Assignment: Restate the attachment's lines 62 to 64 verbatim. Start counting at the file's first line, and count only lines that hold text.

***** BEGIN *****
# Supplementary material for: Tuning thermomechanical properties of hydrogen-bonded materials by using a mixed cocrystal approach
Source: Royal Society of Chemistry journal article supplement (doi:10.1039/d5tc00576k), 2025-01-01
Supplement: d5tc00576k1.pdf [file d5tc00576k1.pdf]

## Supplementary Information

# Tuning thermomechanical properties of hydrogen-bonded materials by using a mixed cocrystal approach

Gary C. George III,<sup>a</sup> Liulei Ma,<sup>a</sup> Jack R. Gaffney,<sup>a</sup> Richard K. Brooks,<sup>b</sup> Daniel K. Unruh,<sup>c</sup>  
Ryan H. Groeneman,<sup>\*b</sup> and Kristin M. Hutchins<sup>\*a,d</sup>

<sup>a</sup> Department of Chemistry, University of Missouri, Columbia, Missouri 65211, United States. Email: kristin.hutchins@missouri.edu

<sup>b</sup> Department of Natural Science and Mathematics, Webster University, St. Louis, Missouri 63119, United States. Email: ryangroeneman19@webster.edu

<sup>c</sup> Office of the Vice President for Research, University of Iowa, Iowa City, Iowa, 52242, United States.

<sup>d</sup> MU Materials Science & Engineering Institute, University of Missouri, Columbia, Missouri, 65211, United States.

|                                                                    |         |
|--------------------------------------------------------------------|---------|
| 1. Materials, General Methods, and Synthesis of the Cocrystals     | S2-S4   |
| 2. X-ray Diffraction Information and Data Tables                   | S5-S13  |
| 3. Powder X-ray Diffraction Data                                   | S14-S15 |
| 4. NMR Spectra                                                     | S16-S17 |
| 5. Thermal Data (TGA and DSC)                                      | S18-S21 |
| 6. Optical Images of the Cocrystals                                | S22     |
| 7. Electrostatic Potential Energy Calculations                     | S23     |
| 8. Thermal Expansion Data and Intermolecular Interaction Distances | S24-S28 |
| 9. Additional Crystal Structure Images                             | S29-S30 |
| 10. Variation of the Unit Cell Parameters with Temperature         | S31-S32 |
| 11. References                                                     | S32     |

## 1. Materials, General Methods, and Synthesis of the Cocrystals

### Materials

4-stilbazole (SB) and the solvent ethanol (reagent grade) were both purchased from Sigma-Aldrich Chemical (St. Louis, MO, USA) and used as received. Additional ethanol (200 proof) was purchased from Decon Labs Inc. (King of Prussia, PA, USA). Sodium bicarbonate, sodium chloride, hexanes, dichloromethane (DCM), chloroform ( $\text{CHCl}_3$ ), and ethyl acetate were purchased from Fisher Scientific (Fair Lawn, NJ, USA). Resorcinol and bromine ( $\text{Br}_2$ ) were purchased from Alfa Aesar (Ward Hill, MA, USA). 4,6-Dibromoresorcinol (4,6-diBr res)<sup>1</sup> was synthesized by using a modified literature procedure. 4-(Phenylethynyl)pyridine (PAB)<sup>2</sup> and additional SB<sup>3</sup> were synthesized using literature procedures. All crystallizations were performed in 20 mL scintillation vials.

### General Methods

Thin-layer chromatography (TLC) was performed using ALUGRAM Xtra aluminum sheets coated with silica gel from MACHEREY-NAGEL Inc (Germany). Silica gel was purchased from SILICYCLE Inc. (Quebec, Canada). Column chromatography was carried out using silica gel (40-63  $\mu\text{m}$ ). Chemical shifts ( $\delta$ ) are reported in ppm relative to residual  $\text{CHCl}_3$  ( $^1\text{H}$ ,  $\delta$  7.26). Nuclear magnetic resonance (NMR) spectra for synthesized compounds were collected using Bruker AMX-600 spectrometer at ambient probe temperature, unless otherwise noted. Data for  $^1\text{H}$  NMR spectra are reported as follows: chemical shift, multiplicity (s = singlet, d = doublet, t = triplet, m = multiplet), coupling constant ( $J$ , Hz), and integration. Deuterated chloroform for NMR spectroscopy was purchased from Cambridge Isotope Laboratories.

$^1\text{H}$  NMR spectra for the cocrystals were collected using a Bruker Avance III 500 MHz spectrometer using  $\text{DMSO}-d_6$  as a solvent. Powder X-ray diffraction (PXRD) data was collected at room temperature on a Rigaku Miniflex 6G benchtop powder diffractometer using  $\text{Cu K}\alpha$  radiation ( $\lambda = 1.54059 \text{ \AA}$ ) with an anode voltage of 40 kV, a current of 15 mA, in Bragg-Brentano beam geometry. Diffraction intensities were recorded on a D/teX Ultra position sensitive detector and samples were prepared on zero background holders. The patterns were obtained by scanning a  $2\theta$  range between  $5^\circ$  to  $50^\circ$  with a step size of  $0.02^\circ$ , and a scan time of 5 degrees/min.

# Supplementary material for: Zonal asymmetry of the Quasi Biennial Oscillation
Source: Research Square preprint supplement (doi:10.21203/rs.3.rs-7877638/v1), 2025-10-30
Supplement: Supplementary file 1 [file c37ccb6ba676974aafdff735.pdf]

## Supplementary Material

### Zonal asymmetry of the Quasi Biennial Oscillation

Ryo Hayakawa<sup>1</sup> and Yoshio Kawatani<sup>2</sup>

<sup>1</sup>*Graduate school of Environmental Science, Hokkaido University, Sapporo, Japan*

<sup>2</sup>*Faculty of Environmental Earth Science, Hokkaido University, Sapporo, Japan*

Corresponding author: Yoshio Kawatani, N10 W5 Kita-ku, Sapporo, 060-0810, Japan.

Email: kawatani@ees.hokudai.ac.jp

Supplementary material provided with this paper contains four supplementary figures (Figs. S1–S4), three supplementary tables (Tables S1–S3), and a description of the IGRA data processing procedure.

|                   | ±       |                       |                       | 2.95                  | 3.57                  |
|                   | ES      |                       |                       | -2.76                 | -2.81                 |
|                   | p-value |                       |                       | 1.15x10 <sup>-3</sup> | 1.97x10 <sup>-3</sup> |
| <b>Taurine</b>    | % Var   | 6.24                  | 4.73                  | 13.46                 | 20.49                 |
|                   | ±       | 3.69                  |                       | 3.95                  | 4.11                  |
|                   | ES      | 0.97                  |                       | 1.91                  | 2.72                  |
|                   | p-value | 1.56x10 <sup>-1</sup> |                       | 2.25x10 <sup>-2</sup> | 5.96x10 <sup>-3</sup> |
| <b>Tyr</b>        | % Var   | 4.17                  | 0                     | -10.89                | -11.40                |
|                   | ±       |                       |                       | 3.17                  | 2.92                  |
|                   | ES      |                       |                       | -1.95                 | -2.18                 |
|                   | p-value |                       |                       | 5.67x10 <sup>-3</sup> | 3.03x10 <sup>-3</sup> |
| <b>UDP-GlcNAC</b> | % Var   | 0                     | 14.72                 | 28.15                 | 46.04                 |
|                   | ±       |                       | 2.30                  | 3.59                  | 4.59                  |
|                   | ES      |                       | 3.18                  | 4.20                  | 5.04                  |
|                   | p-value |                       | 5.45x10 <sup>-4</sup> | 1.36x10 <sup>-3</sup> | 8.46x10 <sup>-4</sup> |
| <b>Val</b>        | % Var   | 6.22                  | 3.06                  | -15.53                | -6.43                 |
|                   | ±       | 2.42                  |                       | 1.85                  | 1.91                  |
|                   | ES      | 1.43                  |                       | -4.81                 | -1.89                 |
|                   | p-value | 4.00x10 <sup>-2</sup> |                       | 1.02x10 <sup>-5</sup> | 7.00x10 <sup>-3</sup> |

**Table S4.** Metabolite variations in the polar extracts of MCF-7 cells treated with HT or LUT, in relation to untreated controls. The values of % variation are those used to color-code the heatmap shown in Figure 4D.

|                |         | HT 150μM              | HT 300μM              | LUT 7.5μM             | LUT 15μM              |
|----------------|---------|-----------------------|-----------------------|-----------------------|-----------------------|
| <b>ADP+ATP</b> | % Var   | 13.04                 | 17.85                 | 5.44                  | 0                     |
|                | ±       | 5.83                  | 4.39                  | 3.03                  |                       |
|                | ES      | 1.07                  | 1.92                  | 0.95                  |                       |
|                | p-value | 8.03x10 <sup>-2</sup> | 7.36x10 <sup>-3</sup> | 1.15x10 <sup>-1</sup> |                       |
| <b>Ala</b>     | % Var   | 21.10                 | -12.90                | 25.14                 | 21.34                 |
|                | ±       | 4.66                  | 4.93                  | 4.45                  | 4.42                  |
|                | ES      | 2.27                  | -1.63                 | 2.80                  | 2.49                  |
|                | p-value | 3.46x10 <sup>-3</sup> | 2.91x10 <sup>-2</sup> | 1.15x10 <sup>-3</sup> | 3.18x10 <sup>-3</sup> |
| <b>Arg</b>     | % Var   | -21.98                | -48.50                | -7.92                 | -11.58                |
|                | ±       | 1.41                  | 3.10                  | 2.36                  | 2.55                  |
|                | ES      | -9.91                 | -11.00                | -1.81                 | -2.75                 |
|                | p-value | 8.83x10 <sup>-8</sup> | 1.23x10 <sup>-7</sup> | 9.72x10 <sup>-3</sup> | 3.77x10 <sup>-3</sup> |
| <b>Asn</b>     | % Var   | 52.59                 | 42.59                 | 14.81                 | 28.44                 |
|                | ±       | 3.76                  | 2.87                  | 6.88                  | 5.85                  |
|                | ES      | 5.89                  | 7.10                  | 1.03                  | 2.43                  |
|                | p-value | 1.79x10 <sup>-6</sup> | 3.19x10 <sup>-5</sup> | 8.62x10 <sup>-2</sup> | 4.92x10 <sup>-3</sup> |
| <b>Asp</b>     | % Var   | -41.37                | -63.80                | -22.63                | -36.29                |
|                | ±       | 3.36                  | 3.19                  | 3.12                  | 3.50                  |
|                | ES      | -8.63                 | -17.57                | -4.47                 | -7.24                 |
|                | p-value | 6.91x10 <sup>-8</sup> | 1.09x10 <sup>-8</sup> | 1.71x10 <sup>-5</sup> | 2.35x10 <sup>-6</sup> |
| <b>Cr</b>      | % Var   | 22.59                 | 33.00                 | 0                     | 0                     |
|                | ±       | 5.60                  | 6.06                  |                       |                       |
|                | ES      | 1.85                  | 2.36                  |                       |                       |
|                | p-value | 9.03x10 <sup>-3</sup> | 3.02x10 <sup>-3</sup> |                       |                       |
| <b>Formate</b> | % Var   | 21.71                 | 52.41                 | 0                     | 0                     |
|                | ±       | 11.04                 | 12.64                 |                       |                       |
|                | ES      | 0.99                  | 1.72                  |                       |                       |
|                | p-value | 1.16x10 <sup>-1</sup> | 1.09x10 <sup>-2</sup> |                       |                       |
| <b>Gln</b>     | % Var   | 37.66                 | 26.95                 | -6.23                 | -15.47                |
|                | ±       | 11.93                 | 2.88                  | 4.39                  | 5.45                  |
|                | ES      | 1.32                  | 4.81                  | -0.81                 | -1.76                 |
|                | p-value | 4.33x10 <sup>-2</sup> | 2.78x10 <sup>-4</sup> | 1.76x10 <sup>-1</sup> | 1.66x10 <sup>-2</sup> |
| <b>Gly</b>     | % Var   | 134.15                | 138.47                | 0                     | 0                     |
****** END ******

|                |         | HT 150μM              | HT 300μM              | LUT 7.5μM             | LUT 15μM              |
|----------------|---------|-----------------------|-----------------------|-----------------------|-----------------------|
| <b>ADP+ATP</b> | % Var   | 13.04                 | 17.85                 | 5.44                  | 0                     |